When roasting salmon, as with other fish, allow 10 minutes per inch of thickness. Consider adding some extra fresh dill and a drizzle of olive oil after roasting.–Barbara Kafka
LC Um, A Little Help, Please? Note
Can’t you just see yourself setting a stunning whole roast salmon down in the center of the table amid a chorus of oohs and aahs? Although then comes the moment of reckoning, sort of like after you plunk a beautifully burnished bird on the Thanksgiving table. What the heck do you do now, you may find yourself silently screaming.
Um, a little help, please?
The way we see things, you have a couple potential courses of action. Using your most impressive and sharpest knife, you can cut just below the head of the salmon through to the bone. Turn the knife at an angle and slice lengthwise along the spine, then carefully lift the fish fillet off the bone in a single piece, if you can, and transfer it to a second platter. Turn the fish over and repeat on the other side. Using a spatula, divvy the fillets into individual servings. Either that or forego all airs and pretense of civility and let everyone have at it with their forks.
Roasted Salmon with Dill Sauce
- Quick Glance
- 20 M
- 1 H, 45 M
- Serves 6
IngredientsEmail Grocery List
Rinse the salmon and pat it dry. Wielding a large kitchen knife, cut three parallel diagonal slashes into each side of the fish, starting just behind the bones around the head and slicing almost but not quite through to the bone. Situate the fish diagonally in an 18-by-13-by-2-inch or similar-size roasting pan. (If part of the fish head and/or tail hangs over the corners of the pan, don’t worry, that’s fine.) Rub the olive oil and lemon juice into both sides of the fish, including the slashes, and also inside the cavity. Then sprinkle both sides of the fish with salt and pepper to taste. Cram 2 bunches of dill inside the cavity. Let the salmon rest at room temperature for about an hour.
Meanwhile, finely chop the top fronds from the remaining bunch of dill and set them aside. About 45 minutes before you’d like to sit down to dinner, adjust the oven rack to the center position and preheat the oven to 500°F. Be sure to let the oven heat for at least 20 minutes.
When the oven is ready, slide the salmon in its roasting pan into the oven and roast for about 25 minutes for medium to medium-rare salmon. (If you prefer your salmon more well done or if your salmon is thicker than 2 1/2 inches, leave it in the oven a little longer. We recommend reducing the oven temperature to 350°F after the first 25 minutes and continuing to roast it for 10 minutes or so more. You’ll end up with salmon that’s cooked almost all the way through yet remains remarkably moist.)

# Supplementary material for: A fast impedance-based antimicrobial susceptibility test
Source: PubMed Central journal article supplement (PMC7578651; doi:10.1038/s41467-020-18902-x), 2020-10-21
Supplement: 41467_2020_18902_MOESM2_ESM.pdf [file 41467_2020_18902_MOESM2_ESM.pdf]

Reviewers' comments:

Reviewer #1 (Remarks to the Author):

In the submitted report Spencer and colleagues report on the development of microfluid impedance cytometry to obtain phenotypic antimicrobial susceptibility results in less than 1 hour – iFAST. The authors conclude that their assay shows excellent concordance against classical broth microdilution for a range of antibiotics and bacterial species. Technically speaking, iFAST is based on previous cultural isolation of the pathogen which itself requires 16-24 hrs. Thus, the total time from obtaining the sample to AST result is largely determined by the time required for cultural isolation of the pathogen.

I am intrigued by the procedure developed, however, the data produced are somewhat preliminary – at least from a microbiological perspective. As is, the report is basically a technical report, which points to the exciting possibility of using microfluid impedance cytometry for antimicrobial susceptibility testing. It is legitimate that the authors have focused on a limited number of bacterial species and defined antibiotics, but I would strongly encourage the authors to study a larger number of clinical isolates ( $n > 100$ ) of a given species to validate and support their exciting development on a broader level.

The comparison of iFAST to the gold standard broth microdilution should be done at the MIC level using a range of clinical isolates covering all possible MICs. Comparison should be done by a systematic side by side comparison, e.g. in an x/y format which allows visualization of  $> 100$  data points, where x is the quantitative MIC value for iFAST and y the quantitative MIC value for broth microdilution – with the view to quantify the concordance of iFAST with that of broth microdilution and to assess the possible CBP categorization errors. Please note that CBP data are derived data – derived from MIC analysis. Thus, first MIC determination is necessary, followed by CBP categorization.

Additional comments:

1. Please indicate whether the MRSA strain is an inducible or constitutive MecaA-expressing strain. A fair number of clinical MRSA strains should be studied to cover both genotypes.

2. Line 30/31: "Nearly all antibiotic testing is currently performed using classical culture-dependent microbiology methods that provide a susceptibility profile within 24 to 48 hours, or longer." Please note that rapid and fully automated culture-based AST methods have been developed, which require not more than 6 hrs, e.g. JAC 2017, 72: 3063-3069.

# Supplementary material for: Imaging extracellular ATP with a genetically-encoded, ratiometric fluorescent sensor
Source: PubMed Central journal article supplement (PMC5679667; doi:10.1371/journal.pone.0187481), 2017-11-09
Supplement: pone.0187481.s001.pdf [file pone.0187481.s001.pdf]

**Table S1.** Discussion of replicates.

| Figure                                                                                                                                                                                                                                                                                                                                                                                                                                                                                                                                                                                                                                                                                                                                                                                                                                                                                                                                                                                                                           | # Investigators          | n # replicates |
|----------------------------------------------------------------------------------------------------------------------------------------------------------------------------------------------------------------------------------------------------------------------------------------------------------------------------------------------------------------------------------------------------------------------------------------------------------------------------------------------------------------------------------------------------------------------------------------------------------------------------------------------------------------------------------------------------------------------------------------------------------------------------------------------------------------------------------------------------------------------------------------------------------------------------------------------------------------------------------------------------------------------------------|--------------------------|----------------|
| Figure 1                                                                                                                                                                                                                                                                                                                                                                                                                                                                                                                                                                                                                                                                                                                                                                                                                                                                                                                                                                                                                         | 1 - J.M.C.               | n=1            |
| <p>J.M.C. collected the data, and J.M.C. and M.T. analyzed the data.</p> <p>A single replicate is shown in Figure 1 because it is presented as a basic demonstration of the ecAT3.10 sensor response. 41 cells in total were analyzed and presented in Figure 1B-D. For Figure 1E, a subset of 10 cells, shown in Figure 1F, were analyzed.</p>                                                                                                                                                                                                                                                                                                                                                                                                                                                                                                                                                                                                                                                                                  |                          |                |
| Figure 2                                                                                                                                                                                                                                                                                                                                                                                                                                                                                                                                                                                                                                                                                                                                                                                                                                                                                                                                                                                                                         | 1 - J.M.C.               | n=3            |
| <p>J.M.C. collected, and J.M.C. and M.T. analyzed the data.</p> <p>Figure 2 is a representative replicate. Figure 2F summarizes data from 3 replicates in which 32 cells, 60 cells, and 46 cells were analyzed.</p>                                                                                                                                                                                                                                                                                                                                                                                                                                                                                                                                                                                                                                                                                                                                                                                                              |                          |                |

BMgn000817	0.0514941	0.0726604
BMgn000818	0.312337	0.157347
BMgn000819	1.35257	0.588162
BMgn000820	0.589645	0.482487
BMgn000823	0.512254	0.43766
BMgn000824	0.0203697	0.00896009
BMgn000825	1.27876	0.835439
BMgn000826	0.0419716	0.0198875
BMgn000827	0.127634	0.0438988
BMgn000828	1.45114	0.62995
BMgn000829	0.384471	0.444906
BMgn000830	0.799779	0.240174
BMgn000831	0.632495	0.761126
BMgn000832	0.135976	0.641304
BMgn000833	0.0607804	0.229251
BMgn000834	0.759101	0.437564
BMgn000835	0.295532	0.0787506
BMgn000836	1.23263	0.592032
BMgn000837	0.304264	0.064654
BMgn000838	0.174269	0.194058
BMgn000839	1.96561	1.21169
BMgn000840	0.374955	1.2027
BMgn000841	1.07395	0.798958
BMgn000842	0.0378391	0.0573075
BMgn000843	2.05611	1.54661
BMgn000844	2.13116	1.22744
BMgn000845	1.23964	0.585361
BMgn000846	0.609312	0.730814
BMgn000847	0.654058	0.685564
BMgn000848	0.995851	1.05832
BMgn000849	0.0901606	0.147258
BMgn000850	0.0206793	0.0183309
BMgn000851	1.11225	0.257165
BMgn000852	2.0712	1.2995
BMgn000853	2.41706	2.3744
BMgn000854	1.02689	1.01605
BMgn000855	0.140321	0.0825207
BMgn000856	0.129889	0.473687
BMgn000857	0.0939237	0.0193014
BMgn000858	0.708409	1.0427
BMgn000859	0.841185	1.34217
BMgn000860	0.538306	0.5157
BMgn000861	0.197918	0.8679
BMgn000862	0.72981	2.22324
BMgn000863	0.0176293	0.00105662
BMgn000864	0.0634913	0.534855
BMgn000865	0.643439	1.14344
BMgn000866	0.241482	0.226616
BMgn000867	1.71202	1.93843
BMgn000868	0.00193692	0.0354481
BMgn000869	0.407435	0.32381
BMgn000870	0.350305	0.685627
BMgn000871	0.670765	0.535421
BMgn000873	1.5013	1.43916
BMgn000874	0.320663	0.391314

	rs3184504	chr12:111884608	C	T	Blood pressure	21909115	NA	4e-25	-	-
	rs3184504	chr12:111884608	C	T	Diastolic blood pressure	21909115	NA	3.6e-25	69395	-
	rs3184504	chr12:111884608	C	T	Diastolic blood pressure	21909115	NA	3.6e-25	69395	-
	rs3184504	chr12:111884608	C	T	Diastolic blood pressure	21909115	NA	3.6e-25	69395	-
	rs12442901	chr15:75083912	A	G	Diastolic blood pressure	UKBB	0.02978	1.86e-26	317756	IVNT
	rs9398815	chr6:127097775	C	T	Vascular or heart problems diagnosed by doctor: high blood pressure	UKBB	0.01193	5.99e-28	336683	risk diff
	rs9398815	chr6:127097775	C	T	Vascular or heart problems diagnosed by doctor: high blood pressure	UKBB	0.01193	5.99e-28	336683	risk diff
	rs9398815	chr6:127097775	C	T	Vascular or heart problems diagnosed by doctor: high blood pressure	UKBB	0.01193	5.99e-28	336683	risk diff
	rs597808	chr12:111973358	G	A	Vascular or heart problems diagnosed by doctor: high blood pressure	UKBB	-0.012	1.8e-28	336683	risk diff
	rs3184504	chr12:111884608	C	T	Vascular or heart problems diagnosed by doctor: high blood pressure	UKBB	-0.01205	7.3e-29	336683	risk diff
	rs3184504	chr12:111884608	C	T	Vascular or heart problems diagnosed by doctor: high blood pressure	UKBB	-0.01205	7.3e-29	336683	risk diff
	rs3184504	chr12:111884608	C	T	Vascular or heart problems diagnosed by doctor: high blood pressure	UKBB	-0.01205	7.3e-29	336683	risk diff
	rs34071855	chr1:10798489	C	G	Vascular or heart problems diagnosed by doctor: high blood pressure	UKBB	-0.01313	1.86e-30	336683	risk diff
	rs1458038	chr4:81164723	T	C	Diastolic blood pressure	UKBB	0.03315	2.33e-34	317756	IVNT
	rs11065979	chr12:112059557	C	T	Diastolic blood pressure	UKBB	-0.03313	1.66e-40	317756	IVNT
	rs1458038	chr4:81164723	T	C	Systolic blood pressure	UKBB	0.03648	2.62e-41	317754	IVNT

Using two very large spatulas, carefully transfer the salmon to a platter. Place the roasting pan on top of the stove and add the white wine, almost all of the reserved chopped dill, and the dill seeds. Bring to a boil, scraping the bottom of the pan vigorously with a wooden spoon. Simmer until the liquid is reduced by half. Strain the dill sauce, if desired. Add the remaining chopped dill to the sauce, transfer to a small serving dish, and pass alongside the salmon.
Recipe Testers Reviews
This is a very simple and to-the-point recipe that results in a juicy, well-seasoned, and inviting salmon that would fit right into any weekend meal. The skin was crisp, the salmon flaky and juicy. The only correction I made was to add two tablespoons of unsalted butter and a tablespoon of fresh dill to the sauce; I found the butter provided silkiness and balance. Try this recipe–it’s easy, tasty, and impressive!
First, full disclosure: I couldn’t for the life of me find a whole salmon, so I ended up buying two two-pound fillets that I slapped together. That it worked quite well is a testament to what a straightforward recipe this is, and also to how delicious salmon can be when it’s more or less left to its own devices. The massive amounts of dill somehow didn’t overpower the fish but instead accented its charms, as did the lemon juice, and the hot oven produced a very tender fish. My only quibble is that because there were so few drippings from the fish, there wasn’t really anything to cook down with the wine. I basically ended up with hot wine mixed with dill. I compensated by adding a small amount of butter, which gave the sauce more body, and it’s since melded quite nicely with the leftover fish. Leftovers, incidentally, are one of the recipe’s greater virtues–it just gets better with age. One technical note: the fish didn’t cook all the way through in the time given. Because I didn’t want to dry it out, I decreased the temperature to 350° and let it cook for about seven more minutes, and it came out beautifully.